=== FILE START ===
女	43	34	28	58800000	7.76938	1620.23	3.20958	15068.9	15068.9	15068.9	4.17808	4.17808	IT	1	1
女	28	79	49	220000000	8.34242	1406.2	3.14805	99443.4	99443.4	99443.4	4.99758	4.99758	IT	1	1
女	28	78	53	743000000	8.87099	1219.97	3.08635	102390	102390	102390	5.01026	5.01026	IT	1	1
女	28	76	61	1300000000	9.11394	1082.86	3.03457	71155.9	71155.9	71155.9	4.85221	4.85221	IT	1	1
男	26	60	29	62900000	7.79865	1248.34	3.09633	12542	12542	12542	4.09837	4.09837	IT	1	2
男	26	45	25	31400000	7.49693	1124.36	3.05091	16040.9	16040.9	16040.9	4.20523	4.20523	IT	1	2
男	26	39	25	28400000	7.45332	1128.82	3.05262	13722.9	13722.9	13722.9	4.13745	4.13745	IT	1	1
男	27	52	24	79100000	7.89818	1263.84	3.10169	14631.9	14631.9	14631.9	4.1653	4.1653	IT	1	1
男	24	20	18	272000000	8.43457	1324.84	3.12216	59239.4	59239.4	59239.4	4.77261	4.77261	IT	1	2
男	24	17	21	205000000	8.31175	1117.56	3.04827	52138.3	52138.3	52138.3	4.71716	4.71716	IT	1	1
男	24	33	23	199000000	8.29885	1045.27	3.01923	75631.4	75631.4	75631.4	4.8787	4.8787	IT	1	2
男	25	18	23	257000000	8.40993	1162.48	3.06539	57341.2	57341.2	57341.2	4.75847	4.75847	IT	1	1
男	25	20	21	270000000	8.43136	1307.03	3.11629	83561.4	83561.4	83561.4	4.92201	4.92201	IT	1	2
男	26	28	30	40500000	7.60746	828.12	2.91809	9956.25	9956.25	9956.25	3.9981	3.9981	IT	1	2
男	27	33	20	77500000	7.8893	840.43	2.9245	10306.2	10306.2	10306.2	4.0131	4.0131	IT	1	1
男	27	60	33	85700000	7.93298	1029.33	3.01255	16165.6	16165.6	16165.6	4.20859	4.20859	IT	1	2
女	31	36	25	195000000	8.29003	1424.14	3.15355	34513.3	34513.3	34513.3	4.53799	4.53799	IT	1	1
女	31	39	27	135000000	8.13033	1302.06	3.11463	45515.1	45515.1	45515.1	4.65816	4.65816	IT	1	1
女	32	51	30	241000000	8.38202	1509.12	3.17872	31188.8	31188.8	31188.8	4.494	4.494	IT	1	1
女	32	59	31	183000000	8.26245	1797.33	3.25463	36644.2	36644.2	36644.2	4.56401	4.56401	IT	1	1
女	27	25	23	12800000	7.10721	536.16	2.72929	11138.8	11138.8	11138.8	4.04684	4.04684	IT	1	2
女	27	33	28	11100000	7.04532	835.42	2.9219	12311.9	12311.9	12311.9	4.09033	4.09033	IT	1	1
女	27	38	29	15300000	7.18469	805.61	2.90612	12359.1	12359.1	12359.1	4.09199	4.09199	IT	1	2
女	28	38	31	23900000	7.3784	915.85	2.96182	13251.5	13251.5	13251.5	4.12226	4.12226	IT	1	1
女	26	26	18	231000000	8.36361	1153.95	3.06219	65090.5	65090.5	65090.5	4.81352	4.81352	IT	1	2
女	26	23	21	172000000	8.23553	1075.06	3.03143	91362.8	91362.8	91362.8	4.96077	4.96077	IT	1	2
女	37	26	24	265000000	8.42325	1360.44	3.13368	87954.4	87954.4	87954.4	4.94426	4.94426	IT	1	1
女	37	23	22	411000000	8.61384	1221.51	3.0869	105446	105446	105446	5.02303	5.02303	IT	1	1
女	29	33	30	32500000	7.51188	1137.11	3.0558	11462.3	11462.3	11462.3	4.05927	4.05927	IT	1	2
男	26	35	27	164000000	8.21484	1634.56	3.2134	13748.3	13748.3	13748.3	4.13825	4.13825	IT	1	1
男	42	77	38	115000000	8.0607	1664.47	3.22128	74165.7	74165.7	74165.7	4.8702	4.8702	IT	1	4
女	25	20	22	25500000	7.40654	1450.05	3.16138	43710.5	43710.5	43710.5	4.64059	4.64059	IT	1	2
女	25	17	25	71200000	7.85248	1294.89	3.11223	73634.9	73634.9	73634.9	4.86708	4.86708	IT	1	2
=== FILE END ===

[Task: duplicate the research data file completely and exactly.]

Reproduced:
女	43	34	28	58800000	7.76938	1620.23	3.20958	15068.9	15068.9	15068.9	4.17808	4.17808	IT	1	1
女	28	79	49	220000000	8.34242	1406.2	3.14805	99443.4	99443.4	99443.4	4.99758	4.99758	IT	1	1
女	28	78	53	743000000	8.87099	1219.97	3.08635	102390	102390	102390	5.01026	5.01026	IT	1	1
女	28	76	61	1300000000	9.11394	1082.86	3.03457	71155.9	71155.9	71155.9	4.85221	4.85221	IT	1	1
男	26	60	29	62900000	7.79865	1248.34	3.09633	12542	12542	12542	4.09837	4.09837	IT	1	2
男	26	45	25	31400000	7.49693	1124.36	3.05091	16040.9	16040.9	16040.9	4.20523	4.20523	IT	1	2
男	26	39	25	28400000	7.45332	1128.82	3.05262	13722.9	13722.9	13722.9	4.13745	4.13745	IT	1	1
男	27	52	24	79100000	7.89818	1263.84	3.10169	14631.9	14631.9	14631.9	4.1653	4.1653	IT	1	1
男	24	20	18	272000000	8.43457	1324.84	3.12216	59239.4	59239.4	59239.4	4.77261	4.77261	IT	1	2
男	24	17	21	205000000	8.31175	1117.56	3.04827	52138.3	52138.3	52138.3	4.71716	4.71716	IT	1	1
男	24	33	23	199000000	8.29885	1045.27	3.01923	75631.4	75631.4	75631.4	4.8787	4.8787	IT	1	2
男	25	18	23	257000000	8.40993	1162.48	3.06539	57341.2	57341.2	57341.2	4.75847	4.75847	IT	1	1
男	25	20	21	270000000	8.43136	1307.03	3.11629	83561.4	83561.4	83561.4	4.92201	4.92201	IT	1	2
男	26	28	30	40500000	7.60746	828.12	2.91809	9956.25	9956.25	9956.25	3.9981	3.9981	IT	1	2
男	27	33	20	77500000	7.8893	840.43	2.9245	10306.2	10306.2	10306.2	4.0131	4.0131	IT	1	1
男	27	60	33	85700000	7.93298	1029.33	3.01255	16165.6	16165.6	16165.6	4.20859	4.20859	IT	1	2
女	31	36	25	195000000	8.29003	1424.14	3.15355	34513.3	34513.3	34513.3	4.53799	4.53799	IT	1	1
女	31	39	27	135000000	8.13033	1302.06	3.11463	45515.1	45515.1	45515.1	4.65816	4.65816	IT	1	1
女	32	51	30	241000000	8.38202	1509.12	3.17872	31188.8	31188.8	31188.8	4.494	4.494	IT	1	1
女	32	59	31	183000000	8.26245	1797.33	3.25463	36644.2	36644.2	36644.2	4.56401	4.56401	IT	1	1
女	27	25	23	12800000	7.10721	536.16	2.72929	11138.8	11138.8	11138.8	4.04684	4.04684	IT	1	2
女	27	33	28	11100000	7.04532	835.42	2.9219	12311.9	12311.9	12311.9	4.09033	4.09033	IT	1	1
女	27	38	29	15300000	7.18469	805.61	2.90612	12359.1	12359.1	12359.1	4.09199	4.09199	IT	1	2
女	28	38	31	23900000	7.3784	915.85	2.96182	13251.5	13251.5	13251.5	4.12226	4.12226	IT	1	1
女	26	26	18	231000000	8.36361	1153.95	3.06219	65090.5	65090.5	65090.5	4.81352	4.81352	IT	1	2
女	26	23	21	172000000	8.23553	1075.06	3.03143	91362.8	91362.8	91362.8	4.96077	4.96077	IT	1	2
女	37	26	24	265000000	8.42325	1360.44	3.13368	87954.4	87954.4	87954.4	4.94426	4.94426	IT	1	1
女	37	23	22	411000000	8.61384	1221.51	3.0869	105446	105446	105446	5.02303	5.02303	IT	1	1
女	29	33	30	32500000	7.51188	1137.11	3.0558	11462.3	11462.3	11462.3	4.05927	4.05927	IT	1	2
男	26	35	27	164000000	8.21484	1634.56	3.2134	13748.3	13748.3	13748.3	4.13825	4.13825	IT	1	1
男	42	77	38	115000000	8.0607	1664.47	3.22128	74165.7	74165.7	74165.7	4.8702	4.8702	IT	1	4
女	25	20	22	25500000	7.40654	1450.05	3.16138	43710.5	43710.5	43710.5	4.64059	4.64059	IT	1	2
女	25	17	25	71200000	7.85248	1294.89	3.11223	73634.9	73634.9	73634.9	4.86708	4.86708	IT	1	2